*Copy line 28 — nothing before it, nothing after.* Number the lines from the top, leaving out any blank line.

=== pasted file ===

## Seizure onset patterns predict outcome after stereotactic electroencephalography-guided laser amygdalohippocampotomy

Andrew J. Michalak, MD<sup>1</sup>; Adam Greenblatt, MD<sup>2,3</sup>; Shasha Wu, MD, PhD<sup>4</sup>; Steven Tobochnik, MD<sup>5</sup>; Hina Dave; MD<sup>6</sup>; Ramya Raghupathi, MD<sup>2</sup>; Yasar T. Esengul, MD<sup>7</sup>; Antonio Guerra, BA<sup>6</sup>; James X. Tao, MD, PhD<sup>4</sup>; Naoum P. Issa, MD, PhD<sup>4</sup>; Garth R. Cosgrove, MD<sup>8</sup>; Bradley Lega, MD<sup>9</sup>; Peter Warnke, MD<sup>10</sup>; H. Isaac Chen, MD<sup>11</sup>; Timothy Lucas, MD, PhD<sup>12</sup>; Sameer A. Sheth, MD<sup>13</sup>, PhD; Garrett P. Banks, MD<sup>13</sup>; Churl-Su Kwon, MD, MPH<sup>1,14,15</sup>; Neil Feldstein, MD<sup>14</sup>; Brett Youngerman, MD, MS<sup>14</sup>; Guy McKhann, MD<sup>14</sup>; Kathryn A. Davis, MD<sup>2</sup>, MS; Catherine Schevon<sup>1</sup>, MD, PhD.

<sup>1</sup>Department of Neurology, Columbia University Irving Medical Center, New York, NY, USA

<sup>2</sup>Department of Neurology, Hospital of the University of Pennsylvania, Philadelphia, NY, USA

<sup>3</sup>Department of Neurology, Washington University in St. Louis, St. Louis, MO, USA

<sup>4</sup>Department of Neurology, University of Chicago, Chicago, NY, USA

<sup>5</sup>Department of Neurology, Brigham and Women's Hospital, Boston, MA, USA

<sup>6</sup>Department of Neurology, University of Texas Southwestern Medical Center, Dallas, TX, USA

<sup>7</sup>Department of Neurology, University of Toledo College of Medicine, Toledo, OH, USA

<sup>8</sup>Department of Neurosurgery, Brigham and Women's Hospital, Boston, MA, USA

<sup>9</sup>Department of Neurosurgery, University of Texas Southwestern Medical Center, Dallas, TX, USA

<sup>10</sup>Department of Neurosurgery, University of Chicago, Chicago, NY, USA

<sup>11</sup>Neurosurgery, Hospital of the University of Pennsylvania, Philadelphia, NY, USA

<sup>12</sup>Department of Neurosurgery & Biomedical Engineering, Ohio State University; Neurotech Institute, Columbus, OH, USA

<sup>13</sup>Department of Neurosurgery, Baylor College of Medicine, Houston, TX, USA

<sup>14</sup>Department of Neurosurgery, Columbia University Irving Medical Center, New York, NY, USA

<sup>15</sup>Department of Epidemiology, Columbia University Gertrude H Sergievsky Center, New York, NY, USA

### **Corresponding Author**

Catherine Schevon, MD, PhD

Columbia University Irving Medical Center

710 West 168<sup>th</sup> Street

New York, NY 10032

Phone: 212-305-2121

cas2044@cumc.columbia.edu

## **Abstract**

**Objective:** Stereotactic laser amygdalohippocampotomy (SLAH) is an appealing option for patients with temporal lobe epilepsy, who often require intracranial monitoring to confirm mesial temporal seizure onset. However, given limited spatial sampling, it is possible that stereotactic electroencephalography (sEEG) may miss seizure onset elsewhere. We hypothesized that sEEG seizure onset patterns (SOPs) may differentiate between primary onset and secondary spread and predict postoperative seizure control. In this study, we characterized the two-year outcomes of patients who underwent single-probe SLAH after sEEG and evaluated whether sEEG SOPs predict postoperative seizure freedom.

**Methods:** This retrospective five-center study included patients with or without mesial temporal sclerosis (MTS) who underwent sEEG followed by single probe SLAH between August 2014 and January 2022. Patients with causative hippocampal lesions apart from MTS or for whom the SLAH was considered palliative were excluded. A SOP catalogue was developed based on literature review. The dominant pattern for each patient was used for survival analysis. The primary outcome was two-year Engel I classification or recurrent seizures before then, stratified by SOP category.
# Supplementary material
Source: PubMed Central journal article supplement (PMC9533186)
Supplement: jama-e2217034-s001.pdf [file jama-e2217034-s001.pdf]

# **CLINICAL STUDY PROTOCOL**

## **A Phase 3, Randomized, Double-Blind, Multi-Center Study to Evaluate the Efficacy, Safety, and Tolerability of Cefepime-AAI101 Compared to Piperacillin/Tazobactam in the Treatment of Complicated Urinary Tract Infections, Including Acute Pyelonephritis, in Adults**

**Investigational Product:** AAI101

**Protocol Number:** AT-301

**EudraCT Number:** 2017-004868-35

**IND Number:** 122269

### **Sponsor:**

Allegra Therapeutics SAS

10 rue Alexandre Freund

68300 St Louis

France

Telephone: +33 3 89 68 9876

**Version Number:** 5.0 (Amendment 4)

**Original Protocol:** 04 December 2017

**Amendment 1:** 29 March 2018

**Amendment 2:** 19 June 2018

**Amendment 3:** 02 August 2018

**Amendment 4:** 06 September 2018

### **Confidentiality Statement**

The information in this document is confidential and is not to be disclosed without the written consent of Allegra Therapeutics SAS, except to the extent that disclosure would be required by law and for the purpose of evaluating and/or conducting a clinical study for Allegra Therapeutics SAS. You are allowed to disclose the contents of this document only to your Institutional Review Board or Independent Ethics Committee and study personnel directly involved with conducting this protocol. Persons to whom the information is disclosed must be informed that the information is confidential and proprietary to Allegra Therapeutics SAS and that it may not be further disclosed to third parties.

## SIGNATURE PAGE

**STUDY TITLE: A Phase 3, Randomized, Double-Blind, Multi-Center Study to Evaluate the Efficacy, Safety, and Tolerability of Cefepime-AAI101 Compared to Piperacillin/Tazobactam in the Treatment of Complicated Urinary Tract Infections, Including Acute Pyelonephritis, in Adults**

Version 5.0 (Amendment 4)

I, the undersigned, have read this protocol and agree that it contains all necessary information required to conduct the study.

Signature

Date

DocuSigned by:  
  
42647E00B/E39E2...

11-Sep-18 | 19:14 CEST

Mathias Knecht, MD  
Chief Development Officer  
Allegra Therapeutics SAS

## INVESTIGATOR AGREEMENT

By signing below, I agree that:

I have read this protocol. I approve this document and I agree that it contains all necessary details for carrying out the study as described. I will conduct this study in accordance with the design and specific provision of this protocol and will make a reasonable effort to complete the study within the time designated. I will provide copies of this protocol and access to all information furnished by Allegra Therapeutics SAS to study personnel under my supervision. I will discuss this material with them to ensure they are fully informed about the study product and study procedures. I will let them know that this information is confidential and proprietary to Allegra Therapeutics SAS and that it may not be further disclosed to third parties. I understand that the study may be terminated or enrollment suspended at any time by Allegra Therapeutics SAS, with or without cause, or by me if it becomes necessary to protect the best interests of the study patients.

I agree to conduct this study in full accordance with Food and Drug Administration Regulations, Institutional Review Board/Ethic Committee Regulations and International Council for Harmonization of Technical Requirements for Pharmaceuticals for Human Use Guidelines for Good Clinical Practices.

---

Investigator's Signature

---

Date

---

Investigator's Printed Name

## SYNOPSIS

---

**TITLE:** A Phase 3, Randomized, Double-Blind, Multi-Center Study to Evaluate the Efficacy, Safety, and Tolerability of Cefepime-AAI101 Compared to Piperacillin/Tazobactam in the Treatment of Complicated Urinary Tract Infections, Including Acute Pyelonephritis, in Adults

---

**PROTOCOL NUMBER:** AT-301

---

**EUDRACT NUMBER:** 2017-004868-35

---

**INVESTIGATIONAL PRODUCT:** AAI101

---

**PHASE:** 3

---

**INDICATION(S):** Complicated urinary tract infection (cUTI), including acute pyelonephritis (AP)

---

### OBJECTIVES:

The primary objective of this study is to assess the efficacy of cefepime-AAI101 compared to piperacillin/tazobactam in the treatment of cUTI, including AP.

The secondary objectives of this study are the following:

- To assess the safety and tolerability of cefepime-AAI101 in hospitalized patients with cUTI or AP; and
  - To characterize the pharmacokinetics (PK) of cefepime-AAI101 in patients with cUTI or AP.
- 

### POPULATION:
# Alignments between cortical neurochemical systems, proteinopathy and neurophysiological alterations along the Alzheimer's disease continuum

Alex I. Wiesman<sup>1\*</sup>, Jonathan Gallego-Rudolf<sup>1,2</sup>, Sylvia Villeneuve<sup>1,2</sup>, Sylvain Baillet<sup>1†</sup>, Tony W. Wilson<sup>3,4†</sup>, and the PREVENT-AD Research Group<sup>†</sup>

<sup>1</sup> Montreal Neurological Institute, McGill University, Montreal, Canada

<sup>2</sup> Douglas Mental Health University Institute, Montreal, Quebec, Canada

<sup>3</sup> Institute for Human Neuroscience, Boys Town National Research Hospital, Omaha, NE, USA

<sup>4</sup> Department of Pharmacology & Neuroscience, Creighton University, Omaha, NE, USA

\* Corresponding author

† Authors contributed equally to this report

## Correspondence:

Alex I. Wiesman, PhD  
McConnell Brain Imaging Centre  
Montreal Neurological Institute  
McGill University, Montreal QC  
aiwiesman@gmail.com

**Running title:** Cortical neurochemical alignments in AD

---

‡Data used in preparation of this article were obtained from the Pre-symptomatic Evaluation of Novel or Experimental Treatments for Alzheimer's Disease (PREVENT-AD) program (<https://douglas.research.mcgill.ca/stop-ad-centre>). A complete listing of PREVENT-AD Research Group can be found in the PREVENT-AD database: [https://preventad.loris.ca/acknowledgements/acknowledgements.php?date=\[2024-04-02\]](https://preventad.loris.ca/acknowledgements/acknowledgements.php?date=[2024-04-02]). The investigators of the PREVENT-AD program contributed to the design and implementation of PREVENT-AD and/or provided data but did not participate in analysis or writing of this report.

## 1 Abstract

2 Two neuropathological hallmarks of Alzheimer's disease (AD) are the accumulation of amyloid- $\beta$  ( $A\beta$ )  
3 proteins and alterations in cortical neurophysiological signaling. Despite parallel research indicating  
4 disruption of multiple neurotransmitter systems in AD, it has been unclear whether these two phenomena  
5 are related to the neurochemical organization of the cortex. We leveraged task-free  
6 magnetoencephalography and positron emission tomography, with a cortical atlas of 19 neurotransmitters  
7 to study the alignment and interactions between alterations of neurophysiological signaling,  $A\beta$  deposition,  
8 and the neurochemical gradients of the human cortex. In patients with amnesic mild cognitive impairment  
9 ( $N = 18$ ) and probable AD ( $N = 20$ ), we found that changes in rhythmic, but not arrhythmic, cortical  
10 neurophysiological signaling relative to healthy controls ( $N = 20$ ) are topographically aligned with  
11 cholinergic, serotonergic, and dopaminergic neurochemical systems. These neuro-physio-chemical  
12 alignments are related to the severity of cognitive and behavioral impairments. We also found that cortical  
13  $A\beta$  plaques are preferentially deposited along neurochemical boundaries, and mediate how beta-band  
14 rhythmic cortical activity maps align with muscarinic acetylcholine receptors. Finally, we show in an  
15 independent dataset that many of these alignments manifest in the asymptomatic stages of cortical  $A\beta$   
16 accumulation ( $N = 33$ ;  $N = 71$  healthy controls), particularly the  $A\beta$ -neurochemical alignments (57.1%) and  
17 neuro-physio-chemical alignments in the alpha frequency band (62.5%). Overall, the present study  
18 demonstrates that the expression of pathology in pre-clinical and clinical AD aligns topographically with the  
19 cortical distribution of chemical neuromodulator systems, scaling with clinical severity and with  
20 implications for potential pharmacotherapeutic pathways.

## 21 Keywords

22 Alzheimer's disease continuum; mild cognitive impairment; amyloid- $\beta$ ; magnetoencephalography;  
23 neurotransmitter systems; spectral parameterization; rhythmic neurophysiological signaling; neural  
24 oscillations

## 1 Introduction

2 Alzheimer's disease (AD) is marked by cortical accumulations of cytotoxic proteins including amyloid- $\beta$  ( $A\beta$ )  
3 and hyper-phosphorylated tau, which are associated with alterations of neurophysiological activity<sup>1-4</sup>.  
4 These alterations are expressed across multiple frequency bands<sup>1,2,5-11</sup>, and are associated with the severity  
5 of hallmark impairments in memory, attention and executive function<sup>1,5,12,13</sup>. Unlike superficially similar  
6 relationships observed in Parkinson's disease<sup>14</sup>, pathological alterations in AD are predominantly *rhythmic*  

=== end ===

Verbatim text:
# Supplementary material